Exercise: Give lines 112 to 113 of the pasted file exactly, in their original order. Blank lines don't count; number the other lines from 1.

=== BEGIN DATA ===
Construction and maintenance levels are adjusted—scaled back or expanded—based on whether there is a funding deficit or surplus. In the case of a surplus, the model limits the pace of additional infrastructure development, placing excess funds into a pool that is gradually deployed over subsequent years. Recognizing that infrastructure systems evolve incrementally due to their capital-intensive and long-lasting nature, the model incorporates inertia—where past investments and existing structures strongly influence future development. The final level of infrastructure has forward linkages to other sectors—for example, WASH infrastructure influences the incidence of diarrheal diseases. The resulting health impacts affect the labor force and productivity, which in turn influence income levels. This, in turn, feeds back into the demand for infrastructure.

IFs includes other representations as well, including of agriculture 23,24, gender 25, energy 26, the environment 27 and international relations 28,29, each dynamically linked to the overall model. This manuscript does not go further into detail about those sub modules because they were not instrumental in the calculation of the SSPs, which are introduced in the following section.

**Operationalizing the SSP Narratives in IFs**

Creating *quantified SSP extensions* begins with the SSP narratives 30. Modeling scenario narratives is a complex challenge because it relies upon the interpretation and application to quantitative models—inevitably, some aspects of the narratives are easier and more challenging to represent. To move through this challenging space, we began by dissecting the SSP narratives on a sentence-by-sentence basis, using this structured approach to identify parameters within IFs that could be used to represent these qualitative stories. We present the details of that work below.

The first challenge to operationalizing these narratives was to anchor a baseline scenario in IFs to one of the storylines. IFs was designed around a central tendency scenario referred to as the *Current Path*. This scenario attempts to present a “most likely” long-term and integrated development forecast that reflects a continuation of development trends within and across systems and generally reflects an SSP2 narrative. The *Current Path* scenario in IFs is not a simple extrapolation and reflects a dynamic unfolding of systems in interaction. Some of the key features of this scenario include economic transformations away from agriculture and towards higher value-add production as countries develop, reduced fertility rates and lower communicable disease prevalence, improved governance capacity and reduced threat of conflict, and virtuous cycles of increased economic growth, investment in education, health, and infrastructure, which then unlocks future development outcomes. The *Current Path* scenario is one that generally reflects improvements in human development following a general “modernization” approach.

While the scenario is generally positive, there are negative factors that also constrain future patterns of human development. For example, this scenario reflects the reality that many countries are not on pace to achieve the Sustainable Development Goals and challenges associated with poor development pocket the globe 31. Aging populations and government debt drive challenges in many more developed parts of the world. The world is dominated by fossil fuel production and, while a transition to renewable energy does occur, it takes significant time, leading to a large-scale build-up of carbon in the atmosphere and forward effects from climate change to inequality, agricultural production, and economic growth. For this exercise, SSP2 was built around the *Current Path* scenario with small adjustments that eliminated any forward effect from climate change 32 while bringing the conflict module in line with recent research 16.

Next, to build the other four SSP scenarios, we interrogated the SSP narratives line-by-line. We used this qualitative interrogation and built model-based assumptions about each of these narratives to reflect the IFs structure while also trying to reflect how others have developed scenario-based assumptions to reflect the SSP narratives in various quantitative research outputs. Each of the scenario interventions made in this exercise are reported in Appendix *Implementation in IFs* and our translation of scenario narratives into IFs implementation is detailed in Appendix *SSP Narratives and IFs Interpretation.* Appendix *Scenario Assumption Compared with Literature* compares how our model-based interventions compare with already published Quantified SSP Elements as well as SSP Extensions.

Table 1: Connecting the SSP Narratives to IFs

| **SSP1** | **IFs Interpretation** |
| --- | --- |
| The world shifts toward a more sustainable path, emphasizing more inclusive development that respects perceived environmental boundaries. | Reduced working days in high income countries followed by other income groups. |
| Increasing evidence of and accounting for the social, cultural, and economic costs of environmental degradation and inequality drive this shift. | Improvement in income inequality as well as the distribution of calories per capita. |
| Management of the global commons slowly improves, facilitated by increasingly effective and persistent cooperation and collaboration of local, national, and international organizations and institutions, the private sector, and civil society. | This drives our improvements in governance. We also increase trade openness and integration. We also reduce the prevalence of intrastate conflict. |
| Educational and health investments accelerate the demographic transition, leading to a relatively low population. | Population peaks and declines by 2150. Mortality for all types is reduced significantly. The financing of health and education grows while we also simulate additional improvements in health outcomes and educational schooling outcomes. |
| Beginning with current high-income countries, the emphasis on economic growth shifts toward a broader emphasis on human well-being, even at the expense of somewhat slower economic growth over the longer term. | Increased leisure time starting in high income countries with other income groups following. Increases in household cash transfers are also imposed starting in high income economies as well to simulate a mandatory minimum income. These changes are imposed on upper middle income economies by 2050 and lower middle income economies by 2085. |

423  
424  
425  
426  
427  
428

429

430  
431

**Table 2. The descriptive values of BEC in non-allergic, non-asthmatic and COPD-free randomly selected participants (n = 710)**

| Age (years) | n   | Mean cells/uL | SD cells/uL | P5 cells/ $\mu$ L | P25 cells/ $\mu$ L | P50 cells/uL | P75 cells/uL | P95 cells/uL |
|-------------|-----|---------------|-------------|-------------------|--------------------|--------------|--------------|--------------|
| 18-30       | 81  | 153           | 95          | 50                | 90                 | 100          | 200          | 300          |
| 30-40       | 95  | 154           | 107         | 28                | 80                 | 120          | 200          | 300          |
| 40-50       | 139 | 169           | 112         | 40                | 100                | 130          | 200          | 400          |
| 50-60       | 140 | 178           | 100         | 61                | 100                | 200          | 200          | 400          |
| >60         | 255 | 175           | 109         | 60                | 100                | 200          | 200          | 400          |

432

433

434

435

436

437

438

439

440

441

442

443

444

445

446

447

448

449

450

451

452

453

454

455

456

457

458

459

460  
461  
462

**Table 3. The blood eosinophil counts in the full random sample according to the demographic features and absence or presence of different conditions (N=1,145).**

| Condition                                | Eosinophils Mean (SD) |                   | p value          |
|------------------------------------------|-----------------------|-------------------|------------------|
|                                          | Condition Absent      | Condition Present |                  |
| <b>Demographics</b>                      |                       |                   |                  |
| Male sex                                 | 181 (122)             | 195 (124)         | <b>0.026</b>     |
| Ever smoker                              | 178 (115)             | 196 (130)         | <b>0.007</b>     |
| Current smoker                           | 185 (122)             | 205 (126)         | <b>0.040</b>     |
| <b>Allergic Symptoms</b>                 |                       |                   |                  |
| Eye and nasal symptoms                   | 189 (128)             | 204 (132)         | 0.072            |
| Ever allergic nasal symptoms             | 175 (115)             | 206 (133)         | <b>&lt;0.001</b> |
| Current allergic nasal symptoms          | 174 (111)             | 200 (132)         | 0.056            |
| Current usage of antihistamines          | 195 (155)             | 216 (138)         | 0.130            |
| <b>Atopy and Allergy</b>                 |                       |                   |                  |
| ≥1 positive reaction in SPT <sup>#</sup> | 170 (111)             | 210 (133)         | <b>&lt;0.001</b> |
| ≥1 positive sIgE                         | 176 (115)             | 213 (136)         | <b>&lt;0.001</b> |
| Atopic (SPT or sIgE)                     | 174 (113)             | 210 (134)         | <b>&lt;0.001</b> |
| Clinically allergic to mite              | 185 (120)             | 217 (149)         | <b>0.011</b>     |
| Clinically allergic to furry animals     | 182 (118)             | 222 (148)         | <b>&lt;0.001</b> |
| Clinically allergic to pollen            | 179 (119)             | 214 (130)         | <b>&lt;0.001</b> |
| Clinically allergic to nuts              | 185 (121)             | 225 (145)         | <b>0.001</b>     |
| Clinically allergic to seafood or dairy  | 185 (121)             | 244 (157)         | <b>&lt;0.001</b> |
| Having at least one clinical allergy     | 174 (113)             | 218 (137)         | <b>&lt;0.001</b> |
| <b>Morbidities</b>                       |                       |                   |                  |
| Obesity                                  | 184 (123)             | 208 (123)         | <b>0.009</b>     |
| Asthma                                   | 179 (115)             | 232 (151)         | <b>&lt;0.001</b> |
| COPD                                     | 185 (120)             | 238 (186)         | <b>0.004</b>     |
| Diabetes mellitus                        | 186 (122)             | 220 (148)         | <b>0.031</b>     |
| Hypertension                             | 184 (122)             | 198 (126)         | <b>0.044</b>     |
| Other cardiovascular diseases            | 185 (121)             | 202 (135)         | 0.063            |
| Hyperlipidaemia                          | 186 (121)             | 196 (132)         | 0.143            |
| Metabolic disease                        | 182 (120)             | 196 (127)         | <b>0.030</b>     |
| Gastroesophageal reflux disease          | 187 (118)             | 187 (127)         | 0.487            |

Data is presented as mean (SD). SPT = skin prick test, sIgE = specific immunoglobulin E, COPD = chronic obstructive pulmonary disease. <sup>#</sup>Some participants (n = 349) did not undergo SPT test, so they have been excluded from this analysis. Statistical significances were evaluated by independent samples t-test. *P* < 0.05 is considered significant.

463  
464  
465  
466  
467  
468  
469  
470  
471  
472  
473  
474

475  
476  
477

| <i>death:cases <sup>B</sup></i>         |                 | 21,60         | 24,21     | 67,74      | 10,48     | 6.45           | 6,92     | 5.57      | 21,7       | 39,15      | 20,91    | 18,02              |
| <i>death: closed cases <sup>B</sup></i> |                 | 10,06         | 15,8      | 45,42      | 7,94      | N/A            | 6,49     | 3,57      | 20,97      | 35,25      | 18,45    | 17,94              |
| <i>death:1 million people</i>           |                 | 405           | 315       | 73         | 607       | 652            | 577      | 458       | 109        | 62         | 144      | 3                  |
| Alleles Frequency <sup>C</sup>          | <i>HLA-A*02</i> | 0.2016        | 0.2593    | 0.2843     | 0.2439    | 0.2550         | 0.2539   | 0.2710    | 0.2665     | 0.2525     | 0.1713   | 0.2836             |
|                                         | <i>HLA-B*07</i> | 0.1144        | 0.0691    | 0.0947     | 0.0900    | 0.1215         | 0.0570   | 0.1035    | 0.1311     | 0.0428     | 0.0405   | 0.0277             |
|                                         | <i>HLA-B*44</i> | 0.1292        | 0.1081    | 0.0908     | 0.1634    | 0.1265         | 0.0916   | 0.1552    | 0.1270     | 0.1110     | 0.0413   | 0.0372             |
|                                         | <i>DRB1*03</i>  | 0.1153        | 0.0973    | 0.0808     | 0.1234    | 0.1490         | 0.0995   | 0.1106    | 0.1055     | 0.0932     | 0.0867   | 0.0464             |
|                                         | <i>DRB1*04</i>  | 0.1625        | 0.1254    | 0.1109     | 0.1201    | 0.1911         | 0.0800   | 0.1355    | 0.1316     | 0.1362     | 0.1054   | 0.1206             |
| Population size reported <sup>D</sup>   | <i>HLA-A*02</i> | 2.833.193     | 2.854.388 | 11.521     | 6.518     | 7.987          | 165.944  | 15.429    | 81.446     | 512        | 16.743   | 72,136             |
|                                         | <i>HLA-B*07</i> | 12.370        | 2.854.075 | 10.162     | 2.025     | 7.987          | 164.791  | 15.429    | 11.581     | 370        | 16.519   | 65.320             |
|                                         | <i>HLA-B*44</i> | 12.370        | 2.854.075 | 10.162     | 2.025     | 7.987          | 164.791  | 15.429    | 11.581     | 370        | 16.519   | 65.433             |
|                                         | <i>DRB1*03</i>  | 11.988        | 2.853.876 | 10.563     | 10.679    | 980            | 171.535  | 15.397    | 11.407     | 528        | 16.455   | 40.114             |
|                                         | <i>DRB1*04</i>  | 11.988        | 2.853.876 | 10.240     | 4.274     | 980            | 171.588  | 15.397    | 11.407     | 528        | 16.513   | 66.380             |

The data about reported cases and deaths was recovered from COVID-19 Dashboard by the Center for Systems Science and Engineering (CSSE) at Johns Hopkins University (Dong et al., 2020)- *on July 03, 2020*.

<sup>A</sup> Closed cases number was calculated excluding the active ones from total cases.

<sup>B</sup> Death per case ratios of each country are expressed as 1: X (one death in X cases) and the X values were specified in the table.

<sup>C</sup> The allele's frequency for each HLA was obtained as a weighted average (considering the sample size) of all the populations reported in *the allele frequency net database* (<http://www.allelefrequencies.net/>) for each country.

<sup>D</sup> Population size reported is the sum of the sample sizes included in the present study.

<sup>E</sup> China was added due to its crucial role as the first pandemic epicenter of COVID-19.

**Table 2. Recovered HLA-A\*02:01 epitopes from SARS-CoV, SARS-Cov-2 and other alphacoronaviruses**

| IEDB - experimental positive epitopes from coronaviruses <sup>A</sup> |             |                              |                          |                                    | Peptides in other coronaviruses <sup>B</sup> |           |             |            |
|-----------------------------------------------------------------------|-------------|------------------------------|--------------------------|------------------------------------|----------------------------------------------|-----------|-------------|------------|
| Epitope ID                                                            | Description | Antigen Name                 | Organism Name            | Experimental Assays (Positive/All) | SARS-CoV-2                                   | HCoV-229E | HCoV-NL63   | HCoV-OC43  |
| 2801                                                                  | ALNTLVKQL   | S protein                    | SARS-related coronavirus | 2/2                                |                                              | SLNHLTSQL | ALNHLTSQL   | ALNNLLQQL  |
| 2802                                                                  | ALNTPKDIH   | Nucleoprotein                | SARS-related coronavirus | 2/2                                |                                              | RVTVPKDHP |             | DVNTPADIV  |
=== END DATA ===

477

| <i>death:cases <sup>B</sup></i>         |                 | 21,60         | 24,21     | 67,74      | 10,48     | 6.45           | 6,92     | 5.57      | 21,7       | 39,15      | 20,91    | 18,02              |